ATLANTA (WXIA) -- "My name is Anna Bullard and I'm from Lyons, Georgia."
She says it over and over, countless times in a single day, reciting her name and her hometown and her reason for being hours from that hometown, walking the halls of the Capitol.
Anna has a remarkable story to tell, the story of her eight year old daughter Ava, who couldn't talk, dress herself, interact, or sleep - who was diagnosed with autism at two and a half years old, who after years of therapies at a cost of $50,000 dollars a year, is thriving.
And all of that happened with no help from insurance.
Anna recalls, "Before Ava was diagnosed she was covered. Once she was diagnosed, they would not longer pay for it."
Ava's success story is incredible, but not unusual. Not for the children who receive intensive early intervention therapies.
That's why Anna cannot be satisfied -- she wants each of the estimated 30 thousand children with autism in Georgia to have the same chance to find their voices -- to lead independent lives.
There is no law in the state of Georgia requiring health insurance plans to cover autism. Thirty-two other states require it. Military and federal government insurance plans cover it. But in Georgia, insurance companies don't have to cover autism treatment. And many don't.
Senator Renee Unterman, an insurance executive says it's a slippery slope.
"If you raise the rates on insurance, you have the probability of more people not being able to afford insurance."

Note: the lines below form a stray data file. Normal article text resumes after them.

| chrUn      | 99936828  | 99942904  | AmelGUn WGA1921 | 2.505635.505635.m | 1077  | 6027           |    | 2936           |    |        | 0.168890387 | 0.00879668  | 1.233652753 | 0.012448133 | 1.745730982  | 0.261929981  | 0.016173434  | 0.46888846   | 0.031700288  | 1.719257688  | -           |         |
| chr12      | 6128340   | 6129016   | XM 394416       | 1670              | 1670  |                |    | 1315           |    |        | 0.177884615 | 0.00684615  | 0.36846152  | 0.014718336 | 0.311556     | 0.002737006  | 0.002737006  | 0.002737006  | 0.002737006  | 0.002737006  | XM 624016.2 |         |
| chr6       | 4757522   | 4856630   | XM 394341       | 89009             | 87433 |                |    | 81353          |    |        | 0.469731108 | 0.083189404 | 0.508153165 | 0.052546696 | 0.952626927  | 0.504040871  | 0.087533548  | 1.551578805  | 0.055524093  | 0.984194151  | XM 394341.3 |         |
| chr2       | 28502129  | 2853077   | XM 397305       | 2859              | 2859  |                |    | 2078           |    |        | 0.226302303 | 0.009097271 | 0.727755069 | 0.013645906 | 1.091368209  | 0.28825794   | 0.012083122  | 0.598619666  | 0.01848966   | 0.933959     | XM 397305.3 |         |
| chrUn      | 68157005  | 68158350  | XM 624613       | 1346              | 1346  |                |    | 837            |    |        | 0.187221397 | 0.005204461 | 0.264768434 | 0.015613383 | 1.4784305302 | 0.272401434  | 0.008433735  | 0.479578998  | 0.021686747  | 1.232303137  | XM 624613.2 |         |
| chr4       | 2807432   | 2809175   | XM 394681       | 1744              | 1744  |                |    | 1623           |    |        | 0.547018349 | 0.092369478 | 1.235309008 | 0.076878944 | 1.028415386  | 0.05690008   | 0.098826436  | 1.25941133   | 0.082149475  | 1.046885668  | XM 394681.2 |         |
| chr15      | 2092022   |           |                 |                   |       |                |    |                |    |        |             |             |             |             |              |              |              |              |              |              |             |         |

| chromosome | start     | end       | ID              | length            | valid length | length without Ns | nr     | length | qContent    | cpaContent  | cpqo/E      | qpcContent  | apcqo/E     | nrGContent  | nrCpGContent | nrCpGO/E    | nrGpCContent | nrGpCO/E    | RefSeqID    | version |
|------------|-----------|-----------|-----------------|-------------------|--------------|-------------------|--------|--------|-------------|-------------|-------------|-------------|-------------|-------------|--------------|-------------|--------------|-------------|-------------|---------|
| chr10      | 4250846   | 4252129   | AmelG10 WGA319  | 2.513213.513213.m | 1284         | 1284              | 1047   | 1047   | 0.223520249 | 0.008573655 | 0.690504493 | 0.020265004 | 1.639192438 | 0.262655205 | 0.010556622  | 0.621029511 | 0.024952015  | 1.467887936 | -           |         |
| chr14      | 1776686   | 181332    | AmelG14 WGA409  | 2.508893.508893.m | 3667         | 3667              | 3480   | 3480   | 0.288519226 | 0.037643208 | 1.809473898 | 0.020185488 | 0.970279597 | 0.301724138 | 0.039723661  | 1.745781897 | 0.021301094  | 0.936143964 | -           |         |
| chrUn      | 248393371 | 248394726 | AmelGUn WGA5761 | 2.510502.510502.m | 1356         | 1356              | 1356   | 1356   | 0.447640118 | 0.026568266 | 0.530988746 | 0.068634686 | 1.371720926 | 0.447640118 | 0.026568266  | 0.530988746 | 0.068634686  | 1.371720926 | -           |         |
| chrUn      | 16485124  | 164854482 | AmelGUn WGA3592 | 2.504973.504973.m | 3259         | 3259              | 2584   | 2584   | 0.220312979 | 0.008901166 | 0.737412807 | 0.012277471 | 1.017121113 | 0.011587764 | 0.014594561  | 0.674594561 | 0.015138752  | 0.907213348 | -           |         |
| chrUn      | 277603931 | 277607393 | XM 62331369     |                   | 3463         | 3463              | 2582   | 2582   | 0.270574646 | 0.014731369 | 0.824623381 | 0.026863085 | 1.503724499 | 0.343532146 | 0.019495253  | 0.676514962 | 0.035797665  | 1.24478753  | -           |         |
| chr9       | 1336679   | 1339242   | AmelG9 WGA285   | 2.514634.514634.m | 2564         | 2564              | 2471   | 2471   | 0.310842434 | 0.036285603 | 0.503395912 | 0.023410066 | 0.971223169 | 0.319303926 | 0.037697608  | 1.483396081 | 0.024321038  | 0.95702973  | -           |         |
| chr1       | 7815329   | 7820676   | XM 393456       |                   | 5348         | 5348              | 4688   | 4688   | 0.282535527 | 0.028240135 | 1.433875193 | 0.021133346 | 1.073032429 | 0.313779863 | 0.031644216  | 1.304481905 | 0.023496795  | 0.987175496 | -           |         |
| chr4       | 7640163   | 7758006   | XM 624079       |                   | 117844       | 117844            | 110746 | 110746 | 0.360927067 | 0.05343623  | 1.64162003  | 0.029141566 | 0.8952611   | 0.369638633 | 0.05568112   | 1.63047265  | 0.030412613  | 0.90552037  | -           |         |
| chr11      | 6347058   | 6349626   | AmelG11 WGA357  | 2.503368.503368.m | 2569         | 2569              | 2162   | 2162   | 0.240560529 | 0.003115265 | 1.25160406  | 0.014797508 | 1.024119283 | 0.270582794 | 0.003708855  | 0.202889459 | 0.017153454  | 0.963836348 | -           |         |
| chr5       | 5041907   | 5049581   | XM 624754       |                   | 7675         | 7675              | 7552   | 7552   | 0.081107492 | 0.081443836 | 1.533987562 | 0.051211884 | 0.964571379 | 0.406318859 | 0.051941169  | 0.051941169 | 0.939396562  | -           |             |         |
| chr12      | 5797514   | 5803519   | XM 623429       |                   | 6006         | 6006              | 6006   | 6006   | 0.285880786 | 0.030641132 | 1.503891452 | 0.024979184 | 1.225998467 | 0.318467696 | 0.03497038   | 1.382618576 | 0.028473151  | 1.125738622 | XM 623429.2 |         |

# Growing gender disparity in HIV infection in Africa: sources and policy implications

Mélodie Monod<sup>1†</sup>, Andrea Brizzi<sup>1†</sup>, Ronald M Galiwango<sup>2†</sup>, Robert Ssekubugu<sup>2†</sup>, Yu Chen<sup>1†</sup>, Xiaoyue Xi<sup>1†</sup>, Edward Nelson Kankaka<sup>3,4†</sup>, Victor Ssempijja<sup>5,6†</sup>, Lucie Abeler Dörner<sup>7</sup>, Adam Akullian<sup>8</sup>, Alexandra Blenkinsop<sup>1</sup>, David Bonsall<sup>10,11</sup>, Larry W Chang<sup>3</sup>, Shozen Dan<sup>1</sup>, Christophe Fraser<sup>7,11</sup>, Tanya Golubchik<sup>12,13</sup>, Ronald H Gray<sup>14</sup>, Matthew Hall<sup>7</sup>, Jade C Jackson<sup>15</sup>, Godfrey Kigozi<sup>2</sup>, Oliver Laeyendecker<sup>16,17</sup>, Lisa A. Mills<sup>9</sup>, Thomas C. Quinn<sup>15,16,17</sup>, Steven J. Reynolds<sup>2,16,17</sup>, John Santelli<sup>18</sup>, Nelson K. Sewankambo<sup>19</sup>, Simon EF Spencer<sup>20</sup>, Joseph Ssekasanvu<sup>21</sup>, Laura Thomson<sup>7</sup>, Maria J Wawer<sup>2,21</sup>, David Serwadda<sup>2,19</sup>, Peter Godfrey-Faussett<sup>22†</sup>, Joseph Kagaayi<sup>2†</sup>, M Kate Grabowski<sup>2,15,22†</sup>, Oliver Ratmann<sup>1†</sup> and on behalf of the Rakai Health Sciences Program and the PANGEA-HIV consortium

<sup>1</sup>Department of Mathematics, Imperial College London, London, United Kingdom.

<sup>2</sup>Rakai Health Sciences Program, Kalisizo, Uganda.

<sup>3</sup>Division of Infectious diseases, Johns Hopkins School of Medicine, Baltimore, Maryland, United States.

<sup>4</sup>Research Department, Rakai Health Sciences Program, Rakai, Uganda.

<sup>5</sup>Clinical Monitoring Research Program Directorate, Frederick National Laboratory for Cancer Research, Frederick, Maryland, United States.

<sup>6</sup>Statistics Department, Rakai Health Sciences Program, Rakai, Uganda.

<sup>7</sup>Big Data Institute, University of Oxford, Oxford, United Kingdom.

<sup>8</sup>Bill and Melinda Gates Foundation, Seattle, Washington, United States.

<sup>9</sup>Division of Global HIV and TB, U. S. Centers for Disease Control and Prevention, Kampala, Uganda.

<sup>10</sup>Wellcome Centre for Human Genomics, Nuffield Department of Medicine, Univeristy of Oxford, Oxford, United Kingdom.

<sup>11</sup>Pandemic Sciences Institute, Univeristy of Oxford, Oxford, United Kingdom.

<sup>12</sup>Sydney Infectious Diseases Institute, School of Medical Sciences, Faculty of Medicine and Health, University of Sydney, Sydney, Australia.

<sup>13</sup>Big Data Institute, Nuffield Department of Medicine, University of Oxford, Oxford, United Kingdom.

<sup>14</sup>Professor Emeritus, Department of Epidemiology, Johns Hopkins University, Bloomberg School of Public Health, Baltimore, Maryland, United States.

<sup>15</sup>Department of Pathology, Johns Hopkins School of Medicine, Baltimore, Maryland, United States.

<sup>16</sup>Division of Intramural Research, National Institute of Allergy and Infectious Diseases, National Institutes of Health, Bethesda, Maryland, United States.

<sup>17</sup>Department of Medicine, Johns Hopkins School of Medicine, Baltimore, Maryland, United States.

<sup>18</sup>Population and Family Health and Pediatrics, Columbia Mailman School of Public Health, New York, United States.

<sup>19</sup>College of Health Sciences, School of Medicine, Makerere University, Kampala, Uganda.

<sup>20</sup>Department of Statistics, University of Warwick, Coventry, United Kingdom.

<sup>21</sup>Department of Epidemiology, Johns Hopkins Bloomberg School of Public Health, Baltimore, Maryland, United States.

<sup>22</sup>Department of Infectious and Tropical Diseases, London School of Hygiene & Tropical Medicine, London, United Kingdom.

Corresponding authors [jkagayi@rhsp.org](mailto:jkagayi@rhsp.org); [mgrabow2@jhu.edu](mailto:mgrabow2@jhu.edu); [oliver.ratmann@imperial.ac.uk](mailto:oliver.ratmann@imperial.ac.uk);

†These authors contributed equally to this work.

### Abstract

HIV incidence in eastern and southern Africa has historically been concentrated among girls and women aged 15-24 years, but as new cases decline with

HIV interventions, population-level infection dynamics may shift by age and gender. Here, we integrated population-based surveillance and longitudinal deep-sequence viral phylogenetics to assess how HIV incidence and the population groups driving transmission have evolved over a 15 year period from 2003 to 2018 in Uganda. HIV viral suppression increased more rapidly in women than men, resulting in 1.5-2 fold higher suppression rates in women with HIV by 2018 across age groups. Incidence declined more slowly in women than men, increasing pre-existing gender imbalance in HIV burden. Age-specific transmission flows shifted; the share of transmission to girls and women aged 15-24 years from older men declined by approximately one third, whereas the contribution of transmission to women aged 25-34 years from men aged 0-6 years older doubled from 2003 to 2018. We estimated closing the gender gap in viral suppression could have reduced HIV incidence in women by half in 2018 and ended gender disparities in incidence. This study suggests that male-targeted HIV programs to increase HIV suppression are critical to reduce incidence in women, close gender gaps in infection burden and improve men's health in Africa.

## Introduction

Yet studies from states that have required autism insurance -- including South Carolina and Florida-- show that the coverage added an average of thirty-two cents per person per month.
Unterman says, "It doesn't seem a lot. But for that one advocate you've got down here, you've got ten other advocates who want to add other mandates onto insurance and it's a cumulative effect."
In some ways, it's about a dirty word. Mandate. Lawmakers don't like that word. They don't like the idea of the government forcing them to do something.
The Harvard School of Public Health estimates the cost of caring for someone with autism over their lifetime at more than $3 million dollars. That number drops dramatically if that person with autism can lead independent lives.
Representative Ben Harbin, the sponsor of the bill, says "We can make sure that child that's been diagnosed with autism gets the coverage they need in those early years. And they can lead a better quality of life. They can go on and be in the normal classrooms, not the expensive special needs. It saves us money, saves the taxpayers and the insurance companies money in the long run."
Harbin says the bill ought to appeal to Republicans, who hold a super majority in both houses, because it would treat autism early and save money later.
Melissa Solares' five year old son Arturo was diagnosed with autism last year. She says their family spent over $100,000 dollars out of pocket. Melissa is a nurse. Her husband is a surgeon. She says they will leave Georgia for South Carolina if the bill doesn't pass.
"My husband and I have a choice. We chose Georgia. Because Georgia provided a life that we believed in. And if they can't give it to us we are going to have no option but to leave because we can choose to go somewhere else."